Chronic mountain sickness (CMS), a maladaptation syndrome to chronic hypoxia, occurs in the Andes. Gene expression differences in Andeans could explain adaptation and maladaptation to hypoxia, both of which are relevant to neurology at sea level. Expression of genes responsive to cellular oxygen concentration, hypoxia-inducible factor-1alpha (HIF-1alpha), three splicing variants of vascular endothelial growth factor (VEGF) and von Hippel-Lindau protein (pVHL) was measured by reverse transcription polymerase chain reaction (RT-PCR) in 12 Cerro de Pasco (CP) (altitude 4338 m) natives and 15 CMS patients in CP. Thirteen high altitude natives living in Lima and five Lima natives were sea level controls. A CMS score (CMS-sc) was assigned clinically. Expression was related to the clinical assessment. High expression of HIF-1alpha and VEGF-121 was found in CMS (P<0.001). Samples from CP had higher expression than those from Lima (P<0.001). Expression of HIF-1alpha and VEGF-121 was related to age (P<0.001); adjusting for age did not abolish the group effect. Higher CMS-sc was related to expression independent of age (P<0.001). VEGF-165 and -189 were expressed only in CMS. Birth altitude had no effect on gene expression. pVHL was not quantifiable.HIF-1alpha and VEGF-121 participate in adaptation to hypoxia. The high levels may explain blood vessel proliferation in Andeans and hold lessons for patients at sea level. VEGF-165 expression suggests that it contributes to preservation of neuronal function in human chronic hypoxia. VHL mutations may mark those destined to develop neural crest tumors which are common in the Andes.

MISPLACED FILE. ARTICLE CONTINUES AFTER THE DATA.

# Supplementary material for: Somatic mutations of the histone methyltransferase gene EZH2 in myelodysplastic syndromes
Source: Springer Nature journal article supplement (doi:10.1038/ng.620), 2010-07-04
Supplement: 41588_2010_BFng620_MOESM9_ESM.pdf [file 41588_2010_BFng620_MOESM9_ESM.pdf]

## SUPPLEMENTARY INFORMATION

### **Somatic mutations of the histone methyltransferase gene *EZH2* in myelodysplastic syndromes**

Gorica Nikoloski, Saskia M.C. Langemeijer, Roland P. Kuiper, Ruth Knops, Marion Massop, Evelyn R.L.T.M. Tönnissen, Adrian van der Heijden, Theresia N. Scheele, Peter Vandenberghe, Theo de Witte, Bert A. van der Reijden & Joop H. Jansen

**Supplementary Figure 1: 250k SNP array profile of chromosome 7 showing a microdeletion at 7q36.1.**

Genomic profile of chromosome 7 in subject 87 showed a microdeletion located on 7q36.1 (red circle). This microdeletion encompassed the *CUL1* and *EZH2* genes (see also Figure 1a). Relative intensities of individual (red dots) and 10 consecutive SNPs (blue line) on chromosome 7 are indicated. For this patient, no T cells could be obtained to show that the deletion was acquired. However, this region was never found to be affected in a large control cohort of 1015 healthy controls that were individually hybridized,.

Adenosine is released during tissue injury, ischemia and tumor growth, and promotes angiogenesis. Because mast cells accumulate in the proximity of new blood vessel development, we examined if they may contribute to adenosine-induced angiogenesis. We found that HMC-1 human mast cells express A2A, A2B, and A3 adenosine receptors. The adenosine agonist NECA (100 micromol/L) increased interleukin-8 (IL-8), vascular endothelial growth factor (VEGF), and angiopoietin-2 mRNA expression. NECA-induced secretion of IL-8 and VEGF was verified by ELISA. A2B receptors mediate VEGF and IL-8 secretion because neither CGS21680 (selective A2A agonist) nor IB-MECA (selective A3 agonist) produced this effect, and it was inhibited by the selective A2B antagonist IPDX but not by the selective A2A antagonist SCH58261 or the selective A3 antagonist MRS1191. In contrast, the selective A3 agonist IB-MECA (EC50 1 nmol/L) stimulated angiopoietin-2 expression. Conditioned media from NECA-activated HMC-1 stimulated human umbilical vein endothelial cell proliferation and migration, and induced capillary tube formation. Capillary formation induced by mast cell-conditioned media was maximal if both HMC-1 A2B and A3 receptors were activated, whereas activation of A2B receptor alone was less effective. Thus, adenosine A2B and A3 receptors act in a functional cooperative fashion to promote angiogenesis by a paracrine mechanism involving the differential expression and secretion of angiogenic factors from human mast cells.
The realization that the growth and spread of tumors are dependent on angiogenesis has created new avenues of research designed to help us to better understand cancer biology and to facilitate the development of new therapeutic strategies. However, the process of angiogenesis consists of multiple, sequential, and interdependent steps with a myriad of positive and negative regulators of angiogenesis being involved. The survival of tumors and thus their metastases are dependent upon the balance of endogenous angiogenic and anti-angiogenic factors such that the outcome favors increased angiogenesis. Several growth factors have been identified that regulate angiogenesis in cancers of the gastrointestinal tract. These include pro-angiogenic factors like vascular endothelial growth factor (VEGF) and anti-angiogenic factors, i.e., thrombospondin. The following review provides a brief overview about the most important factors that are involved in the angiogenic process in tumors derived from colon, stomach, and pancreas. A thorough understanding of the role these factors play in the angiogenic process may lead to the development of novel therapeutic antineoplastic strategies.
Copyright 2003 Wiley-Liss, Inc.